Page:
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The Backstory: How the 'Dirty 30' changed the way Texas lawmakers do the people's business today

It was one for the record books: The most contentious session of the Texas Legislature in modern times. And it all happened 52 years ago.

AUSTIN, Texas — It was a classic Texas showdown in 1971. On one side was the powerful speaker of the Texas House, Gus Mutscher (D-Brenham). On the other, 30 members of the Texas House of Representatives unofficially led by State Rep. Frances “Sissy” Farenthold (D-Corpus Christi).

The “30” was made up of a coalition of reformers: Democrats and Republicans, liberals and conservatives, who didn’t like the way legislation was handled under Mutscher’s leadership.

They called Mutscher a dictator. But a lobbyist who was a friend of the speaker coined the name for Mutscher’s opponents: “The Dirty 30.” It wasn’t meant as a compliment.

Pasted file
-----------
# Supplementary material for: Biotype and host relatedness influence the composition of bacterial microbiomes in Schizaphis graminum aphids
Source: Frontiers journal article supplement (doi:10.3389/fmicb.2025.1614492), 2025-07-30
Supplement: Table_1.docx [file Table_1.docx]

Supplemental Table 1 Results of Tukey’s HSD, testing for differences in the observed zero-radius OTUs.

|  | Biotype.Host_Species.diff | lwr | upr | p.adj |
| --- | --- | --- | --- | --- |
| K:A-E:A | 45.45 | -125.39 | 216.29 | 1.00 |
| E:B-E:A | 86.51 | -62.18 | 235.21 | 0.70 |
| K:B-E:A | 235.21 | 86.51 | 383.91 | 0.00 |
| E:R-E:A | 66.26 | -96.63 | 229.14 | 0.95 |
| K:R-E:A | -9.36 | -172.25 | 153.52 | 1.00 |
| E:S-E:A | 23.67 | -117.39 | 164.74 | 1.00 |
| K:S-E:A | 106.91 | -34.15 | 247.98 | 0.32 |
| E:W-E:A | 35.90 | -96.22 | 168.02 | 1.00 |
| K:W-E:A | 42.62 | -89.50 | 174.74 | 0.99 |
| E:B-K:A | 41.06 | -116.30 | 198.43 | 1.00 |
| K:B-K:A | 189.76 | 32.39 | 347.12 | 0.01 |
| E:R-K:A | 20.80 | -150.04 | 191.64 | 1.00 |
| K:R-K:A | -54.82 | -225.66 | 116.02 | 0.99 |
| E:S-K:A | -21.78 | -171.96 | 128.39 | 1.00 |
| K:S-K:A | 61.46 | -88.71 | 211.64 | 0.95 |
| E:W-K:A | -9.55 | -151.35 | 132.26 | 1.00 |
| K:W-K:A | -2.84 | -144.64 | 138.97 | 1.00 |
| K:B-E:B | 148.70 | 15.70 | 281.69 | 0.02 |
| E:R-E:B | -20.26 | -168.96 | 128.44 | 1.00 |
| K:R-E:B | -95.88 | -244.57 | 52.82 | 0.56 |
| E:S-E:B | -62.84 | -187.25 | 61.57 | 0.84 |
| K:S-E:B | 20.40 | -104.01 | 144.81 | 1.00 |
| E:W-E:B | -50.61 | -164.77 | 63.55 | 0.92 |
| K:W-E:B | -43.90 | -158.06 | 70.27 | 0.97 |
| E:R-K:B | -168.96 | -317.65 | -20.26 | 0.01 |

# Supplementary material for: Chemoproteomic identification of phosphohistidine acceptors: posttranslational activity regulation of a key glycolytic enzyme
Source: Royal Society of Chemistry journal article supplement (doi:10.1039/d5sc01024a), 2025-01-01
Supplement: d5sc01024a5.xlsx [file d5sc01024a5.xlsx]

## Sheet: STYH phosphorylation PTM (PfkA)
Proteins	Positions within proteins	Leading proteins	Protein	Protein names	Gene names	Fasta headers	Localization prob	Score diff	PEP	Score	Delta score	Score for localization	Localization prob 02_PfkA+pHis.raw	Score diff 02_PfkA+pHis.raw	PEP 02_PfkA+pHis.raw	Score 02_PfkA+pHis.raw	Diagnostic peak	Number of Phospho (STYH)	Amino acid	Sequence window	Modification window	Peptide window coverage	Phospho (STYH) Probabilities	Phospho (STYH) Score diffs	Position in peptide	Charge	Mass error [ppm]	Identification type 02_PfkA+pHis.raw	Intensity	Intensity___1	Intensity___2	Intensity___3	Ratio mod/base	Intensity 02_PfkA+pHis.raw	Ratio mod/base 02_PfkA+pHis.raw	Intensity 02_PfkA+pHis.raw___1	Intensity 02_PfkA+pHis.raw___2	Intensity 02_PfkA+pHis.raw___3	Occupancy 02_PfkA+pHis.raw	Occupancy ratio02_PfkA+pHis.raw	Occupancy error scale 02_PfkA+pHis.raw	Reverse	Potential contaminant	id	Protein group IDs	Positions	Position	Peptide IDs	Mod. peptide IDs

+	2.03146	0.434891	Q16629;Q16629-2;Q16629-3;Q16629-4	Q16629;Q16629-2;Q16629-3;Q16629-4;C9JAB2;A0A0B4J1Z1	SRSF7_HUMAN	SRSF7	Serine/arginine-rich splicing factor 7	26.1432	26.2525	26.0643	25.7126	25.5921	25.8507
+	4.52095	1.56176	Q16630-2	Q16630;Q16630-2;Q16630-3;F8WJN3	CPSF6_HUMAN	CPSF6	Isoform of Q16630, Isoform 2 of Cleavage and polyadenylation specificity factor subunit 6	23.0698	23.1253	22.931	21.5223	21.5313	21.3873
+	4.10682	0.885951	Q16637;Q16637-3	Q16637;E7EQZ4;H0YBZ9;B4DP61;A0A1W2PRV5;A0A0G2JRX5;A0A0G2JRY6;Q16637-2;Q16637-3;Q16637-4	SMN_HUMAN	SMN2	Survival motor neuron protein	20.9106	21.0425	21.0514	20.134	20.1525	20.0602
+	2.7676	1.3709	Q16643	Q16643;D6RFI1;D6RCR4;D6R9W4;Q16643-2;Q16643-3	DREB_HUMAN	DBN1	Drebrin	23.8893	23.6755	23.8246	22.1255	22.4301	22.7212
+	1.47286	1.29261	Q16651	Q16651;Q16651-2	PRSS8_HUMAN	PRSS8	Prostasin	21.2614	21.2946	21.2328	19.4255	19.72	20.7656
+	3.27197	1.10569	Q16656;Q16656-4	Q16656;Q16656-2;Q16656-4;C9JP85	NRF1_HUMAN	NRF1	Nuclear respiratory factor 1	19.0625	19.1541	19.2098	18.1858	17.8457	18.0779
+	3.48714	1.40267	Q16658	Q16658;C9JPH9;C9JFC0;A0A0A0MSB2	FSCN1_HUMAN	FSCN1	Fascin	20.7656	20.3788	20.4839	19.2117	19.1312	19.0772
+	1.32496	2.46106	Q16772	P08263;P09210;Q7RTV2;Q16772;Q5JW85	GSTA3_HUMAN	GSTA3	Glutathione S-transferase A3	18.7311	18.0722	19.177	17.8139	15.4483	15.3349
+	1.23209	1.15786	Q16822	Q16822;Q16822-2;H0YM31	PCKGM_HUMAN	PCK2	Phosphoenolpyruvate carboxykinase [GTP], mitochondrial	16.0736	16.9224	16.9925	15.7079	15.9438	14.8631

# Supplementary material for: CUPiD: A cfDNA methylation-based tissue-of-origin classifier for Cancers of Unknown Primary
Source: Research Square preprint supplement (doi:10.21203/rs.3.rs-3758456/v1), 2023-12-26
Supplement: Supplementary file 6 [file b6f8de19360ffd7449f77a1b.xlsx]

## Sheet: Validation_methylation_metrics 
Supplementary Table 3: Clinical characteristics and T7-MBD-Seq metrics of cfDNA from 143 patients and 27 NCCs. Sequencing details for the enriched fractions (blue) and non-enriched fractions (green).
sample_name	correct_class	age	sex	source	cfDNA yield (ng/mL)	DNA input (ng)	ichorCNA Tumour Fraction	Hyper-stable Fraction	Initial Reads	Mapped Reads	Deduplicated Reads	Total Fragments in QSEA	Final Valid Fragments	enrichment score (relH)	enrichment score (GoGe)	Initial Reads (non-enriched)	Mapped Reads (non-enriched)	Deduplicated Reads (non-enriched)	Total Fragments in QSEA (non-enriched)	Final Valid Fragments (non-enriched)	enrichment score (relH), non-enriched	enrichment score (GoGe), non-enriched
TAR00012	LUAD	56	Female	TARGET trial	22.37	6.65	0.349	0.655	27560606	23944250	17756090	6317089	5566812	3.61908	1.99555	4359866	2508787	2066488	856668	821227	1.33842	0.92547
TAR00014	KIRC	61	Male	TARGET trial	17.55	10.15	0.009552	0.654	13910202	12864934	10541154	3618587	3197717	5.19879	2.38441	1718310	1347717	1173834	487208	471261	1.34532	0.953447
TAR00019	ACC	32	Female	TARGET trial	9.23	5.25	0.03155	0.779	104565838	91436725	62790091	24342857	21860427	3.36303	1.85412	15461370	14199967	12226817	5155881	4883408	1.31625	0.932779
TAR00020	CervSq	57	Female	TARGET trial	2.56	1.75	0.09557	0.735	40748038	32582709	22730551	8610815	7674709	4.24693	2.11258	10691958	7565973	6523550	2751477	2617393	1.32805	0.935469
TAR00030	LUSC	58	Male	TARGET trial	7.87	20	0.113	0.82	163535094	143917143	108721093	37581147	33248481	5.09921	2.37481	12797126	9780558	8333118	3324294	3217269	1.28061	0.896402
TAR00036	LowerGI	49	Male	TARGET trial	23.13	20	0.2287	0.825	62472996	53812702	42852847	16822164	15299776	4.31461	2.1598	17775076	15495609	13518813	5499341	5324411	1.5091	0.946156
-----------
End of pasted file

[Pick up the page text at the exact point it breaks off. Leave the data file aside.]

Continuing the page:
Those 30 lawmakers had also grown concerned that Mutscher was the target of a bribery investigation that involved the Sharpstown Bank of Houston, which had given stock certificates in the bank to Mutscher and others after Sharpstown got favorable legislation approved under Mutscher’s guidance. The fallout was known as the "Sharpstown Scandal."

The “Dirty 30” wanted Mutscher to resign, but he refused. Mutscher retaliated by blocking most of the legislation that the “30” had introduced.

But in September 1971 at the Travis County Courthouse, a bombshell dropped. A grand jury indicted Mutscher and others on a charge of bribery and conspiracy.

The trial was moved from Austin to Abilene and, after 14 days of testimony, the jury found them guilty. Mutscher and the other defendants received five years of probation. The former House speaker was later cleared on appeal.

But the scandal and the work of the “30” led to reform at the Texas State Capitol. Today, lawmakers hold open meetings and operate under a Public Information Act – changes that might not have happened had it not been for the “Dirty 30.”

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